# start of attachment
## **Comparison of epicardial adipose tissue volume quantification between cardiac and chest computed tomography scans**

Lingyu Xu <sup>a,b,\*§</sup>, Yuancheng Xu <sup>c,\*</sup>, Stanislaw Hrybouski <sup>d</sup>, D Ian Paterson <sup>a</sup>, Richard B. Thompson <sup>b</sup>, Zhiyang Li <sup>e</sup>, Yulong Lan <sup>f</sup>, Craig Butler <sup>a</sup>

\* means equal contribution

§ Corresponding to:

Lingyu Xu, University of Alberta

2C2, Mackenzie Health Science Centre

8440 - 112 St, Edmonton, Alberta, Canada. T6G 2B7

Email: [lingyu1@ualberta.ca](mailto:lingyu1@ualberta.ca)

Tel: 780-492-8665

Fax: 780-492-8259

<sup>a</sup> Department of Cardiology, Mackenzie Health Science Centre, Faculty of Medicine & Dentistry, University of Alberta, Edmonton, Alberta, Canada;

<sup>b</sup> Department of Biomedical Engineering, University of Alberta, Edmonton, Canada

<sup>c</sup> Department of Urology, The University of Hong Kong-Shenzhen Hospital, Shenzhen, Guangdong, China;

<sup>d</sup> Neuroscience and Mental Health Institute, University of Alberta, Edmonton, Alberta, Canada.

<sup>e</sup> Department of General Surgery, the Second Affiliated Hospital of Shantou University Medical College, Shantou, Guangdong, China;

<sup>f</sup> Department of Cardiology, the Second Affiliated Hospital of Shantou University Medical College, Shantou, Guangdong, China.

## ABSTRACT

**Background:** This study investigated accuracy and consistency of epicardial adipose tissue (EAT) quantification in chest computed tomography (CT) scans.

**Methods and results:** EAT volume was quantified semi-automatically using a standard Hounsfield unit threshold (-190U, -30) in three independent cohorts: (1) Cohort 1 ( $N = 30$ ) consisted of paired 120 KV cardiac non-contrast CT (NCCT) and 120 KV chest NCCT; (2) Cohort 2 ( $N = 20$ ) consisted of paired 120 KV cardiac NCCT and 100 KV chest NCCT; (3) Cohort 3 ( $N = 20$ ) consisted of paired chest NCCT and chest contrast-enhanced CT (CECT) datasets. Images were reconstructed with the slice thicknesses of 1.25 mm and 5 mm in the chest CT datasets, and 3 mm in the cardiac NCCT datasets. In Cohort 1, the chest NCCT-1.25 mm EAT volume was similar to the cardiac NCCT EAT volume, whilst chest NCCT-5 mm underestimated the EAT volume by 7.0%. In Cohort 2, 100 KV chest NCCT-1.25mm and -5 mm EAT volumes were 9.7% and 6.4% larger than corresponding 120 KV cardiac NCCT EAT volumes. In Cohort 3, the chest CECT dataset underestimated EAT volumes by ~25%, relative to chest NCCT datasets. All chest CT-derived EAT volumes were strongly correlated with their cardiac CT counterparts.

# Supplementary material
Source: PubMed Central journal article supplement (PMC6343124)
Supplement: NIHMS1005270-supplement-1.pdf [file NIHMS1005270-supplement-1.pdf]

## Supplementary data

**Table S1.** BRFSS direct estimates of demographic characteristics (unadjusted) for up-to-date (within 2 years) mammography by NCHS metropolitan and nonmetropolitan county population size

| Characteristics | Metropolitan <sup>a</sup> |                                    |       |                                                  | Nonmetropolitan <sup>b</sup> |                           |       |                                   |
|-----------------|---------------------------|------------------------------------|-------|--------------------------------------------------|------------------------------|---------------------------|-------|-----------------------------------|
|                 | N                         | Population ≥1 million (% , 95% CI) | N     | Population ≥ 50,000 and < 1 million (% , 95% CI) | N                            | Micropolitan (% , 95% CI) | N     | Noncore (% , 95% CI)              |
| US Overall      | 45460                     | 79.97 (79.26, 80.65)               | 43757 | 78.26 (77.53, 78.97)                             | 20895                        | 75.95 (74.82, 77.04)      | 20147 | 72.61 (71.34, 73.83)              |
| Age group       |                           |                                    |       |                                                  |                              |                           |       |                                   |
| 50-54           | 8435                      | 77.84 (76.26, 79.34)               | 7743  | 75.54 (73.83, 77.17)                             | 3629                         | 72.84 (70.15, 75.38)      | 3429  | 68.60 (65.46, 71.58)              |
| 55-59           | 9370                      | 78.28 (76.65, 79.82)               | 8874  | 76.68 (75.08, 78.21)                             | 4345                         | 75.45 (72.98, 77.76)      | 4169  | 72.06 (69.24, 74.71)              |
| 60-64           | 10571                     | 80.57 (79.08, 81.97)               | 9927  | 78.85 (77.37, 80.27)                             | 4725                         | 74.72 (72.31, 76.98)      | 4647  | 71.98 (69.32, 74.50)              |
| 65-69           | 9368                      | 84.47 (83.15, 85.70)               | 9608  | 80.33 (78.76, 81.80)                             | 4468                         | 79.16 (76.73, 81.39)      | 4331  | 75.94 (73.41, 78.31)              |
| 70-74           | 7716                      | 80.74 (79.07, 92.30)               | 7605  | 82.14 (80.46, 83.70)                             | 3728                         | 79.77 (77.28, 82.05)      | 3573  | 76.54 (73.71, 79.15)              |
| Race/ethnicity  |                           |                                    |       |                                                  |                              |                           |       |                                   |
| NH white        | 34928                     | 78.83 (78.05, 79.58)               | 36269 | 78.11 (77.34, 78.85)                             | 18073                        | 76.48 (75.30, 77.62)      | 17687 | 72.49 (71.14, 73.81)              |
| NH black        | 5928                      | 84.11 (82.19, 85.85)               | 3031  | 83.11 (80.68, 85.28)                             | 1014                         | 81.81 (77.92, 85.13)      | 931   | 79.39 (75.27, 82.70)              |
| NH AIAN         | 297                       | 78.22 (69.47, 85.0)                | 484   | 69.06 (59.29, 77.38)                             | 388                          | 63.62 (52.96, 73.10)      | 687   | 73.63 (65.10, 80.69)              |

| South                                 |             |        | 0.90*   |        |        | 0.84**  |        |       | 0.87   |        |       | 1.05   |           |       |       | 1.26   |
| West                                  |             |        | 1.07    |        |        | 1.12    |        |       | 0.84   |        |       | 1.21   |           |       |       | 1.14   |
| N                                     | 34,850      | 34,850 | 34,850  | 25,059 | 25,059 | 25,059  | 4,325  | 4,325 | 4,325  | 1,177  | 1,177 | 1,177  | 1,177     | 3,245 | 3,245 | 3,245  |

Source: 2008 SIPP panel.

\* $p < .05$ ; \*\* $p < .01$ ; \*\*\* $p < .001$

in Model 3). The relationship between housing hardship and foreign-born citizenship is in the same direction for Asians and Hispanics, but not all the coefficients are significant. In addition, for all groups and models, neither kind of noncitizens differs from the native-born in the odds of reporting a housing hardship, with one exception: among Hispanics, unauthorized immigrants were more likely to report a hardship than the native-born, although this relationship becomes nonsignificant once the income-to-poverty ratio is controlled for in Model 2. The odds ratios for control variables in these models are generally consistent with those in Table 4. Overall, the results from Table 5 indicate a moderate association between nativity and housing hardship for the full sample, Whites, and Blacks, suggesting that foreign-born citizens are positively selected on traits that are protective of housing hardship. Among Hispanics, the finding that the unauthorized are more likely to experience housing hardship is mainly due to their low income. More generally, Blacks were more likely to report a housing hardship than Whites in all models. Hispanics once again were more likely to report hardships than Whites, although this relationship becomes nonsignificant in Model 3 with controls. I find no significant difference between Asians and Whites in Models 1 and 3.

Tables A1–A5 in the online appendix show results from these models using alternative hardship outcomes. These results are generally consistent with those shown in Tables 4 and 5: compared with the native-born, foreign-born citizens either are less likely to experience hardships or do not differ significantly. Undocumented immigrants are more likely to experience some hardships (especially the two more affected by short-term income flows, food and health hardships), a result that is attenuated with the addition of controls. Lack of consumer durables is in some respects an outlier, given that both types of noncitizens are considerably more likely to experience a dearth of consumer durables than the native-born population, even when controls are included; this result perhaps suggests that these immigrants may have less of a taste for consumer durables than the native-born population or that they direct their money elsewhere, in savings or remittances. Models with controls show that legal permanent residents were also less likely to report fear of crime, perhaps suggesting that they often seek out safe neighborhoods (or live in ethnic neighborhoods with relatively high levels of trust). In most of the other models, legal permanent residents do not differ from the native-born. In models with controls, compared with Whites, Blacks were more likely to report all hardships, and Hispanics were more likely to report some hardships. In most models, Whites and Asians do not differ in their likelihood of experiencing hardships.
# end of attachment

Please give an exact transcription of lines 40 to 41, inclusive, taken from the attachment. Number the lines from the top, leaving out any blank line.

| West                                  |             |        | 1.07    |        |        | 1.12    |        |       | 0.84   |        |       | 1.21   |           |       |       | 1.14   |
| N                                     | 34,850      | 34,850 | 34,850  | 25,059 | 25,059 | 25,059  | 4,325  | 4,325 | 4,325  | 1,177  | 1,177 | 1,177  | 1,177     | 3,245 | 3,245 | 3,245  |